This blog post summarises my assembly presentation to Senior Boys, itself supported by a Bb-8 and my wife’s light sabre. The Prezi used here –
In 1969, when David Bowie released his original versions of ‘Space Oddity’, the first Apollo landings of man on the moon took place.
Aged 15, I was inspired by both the science and the music happenings in ways that mark me to this day. Many of the teachers I work with are too young to have been alive when we had the scientific capacity to place men on another planet, let alone the children in my school, whose experience of space excitement is limited to the European Space Station and a virtual reality. The science of interplanetary travel was beyond our comprehension until it actually happened.
What Bowie did was break my understanding of both artistic and human conventions in like manner. Educated in a boarding catholic community of Benedictine Monks for 4 years aged 13 to 18, I had no real understanding of adult choice and regard for others. Bowie’s development of his Glam rock style, the use of clothing, hair colour, make-up and sexual androgeny intoxicated me initially, and then on entry to University, assisted with my self-identification as Liberal democrat and understanding of adult choice with regard to sexuality. Winning election to the student council at Leicester University, working as a student journalist, charity activist and editor of the Rag Mag ‘Lucifer’ brought me directly into contact with the Gay, Lesbian and Bi community, into direct opposition with the National Front and their racist views, in support of the large Asian community in the city I had chosen to study. Such awakening brought my first real understanding that without immigrant labour, Leicester’s position as Europe’s richest manufacturing city could not have been achieved and maintained.
And this personal growth happened alongside Bowie’s transition in Ziggy Stardust, his blossoming as a world cult, and of course, his deliberate and brave choice to kill Ziggy at his Zenith. That death mask
of glam rock face slashed by Union Jack creates a striking image of hope, no semblance of fear in our minds; whatever a brit wishes to be, s/he can be.
All through this time, technology marched on. 2001: A Space Odyssey (1968) heralded the arrival of serious space effects on the big screen and the 1970s became further enriched with computer based special effects and in 1977, shortly after the start of my professional teaching career, Luke Skywalker, Hans Solo and Princess Leia captured the imagination in more than technicolour. My personal journey with computing started when ‘The Empire Strikes Back’ with the ZX80 and 81, hardly machines to capture the imagination of the 21st century child, but at the time provided the first ‘domestic’ way for someone like myself into ‘virtual’ science that inhabits the discipline of computing.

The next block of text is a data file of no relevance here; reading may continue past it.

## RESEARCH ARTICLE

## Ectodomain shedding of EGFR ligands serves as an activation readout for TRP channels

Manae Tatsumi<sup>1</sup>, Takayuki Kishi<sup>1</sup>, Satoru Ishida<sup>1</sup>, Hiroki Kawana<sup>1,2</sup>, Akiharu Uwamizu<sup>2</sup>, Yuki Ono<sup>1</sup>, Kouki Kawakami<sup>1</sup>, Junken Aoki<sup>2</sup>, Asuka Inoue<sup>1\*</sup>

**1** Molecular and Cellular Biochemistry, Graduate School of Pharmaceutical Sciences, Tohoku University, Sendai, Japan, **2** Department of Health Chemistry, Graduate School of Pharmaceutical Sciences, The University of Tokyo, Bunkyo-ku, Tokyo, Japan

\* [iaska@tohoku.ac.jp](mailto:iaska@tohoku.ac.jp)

Let’s snap forward to December and January 2015/16. Banksy captures an almost perfect image of Man’s possibilities and inhumanity, when he paints Steve Jobs as Computer Pioneer and Syrian Refugee on a concrete by-pass wall in ‘the Jungle’ in Calais. His bravery as artist to create social commentary, to inspire locally and shame internationally, is unique. For refugees close to the mural, the painting reminds them that from refugee status can come the greatest riches in a single lifetime. For the world, it makes clear that the richest companies are often created by outsiders who have surmounted our prejudice but have repaid the risk multifold times.
Banksy’s celebration of the Queen’s Diamond Jubilee, conjoining Ziggy’s slash with EII’s face is a striking celebration and affirmation of the legend the monarch has become to us all in his/our lifetime. And what better to match that image against, than the broadcast given at the break of the year by our very own starman, Tim Peake. The British astronaut’s reply to the Queen’s Christmas message is short and sweet, and missed by most of us – please watch that minute of pure patriotism here:
When art forms simply cannot be conceived until they are seen and heard, those that have created such remarkable artifacts deserve all the praise and rewards due them. That’s as true of Job’s remarkable iPhone in terms of form and function as Bowie and Banks music and stencils.
The synthesis of all that is magic, remarkable and of the known world yet set apart from our planet is the European Space Station on which Astronaut Peake hurtles around our world as I write. Overlooking our planet, he can see the beauty and oneness of the home of human kind, and both its power and its vulnerability.
What better to finish this blog off with than the work of Peake’s fellow astronaut, Commander Chris Hadfield, his personal rewrite of David Bowie’s Space Oddity set in the context of his experience on board that same ESA in 2013. The images of our world flashing by, in daylight and night, remind us powerfully of the incredible results that partnership and collaboration between old enemies USA and USSR can bring. And why not all the other deadly foes in the long term being able to live in such an inspiring way too?
That’s where the bravery of Bowie can take us, and where the fearlessness of Banksy challenges us. If not us, who? If not now, when?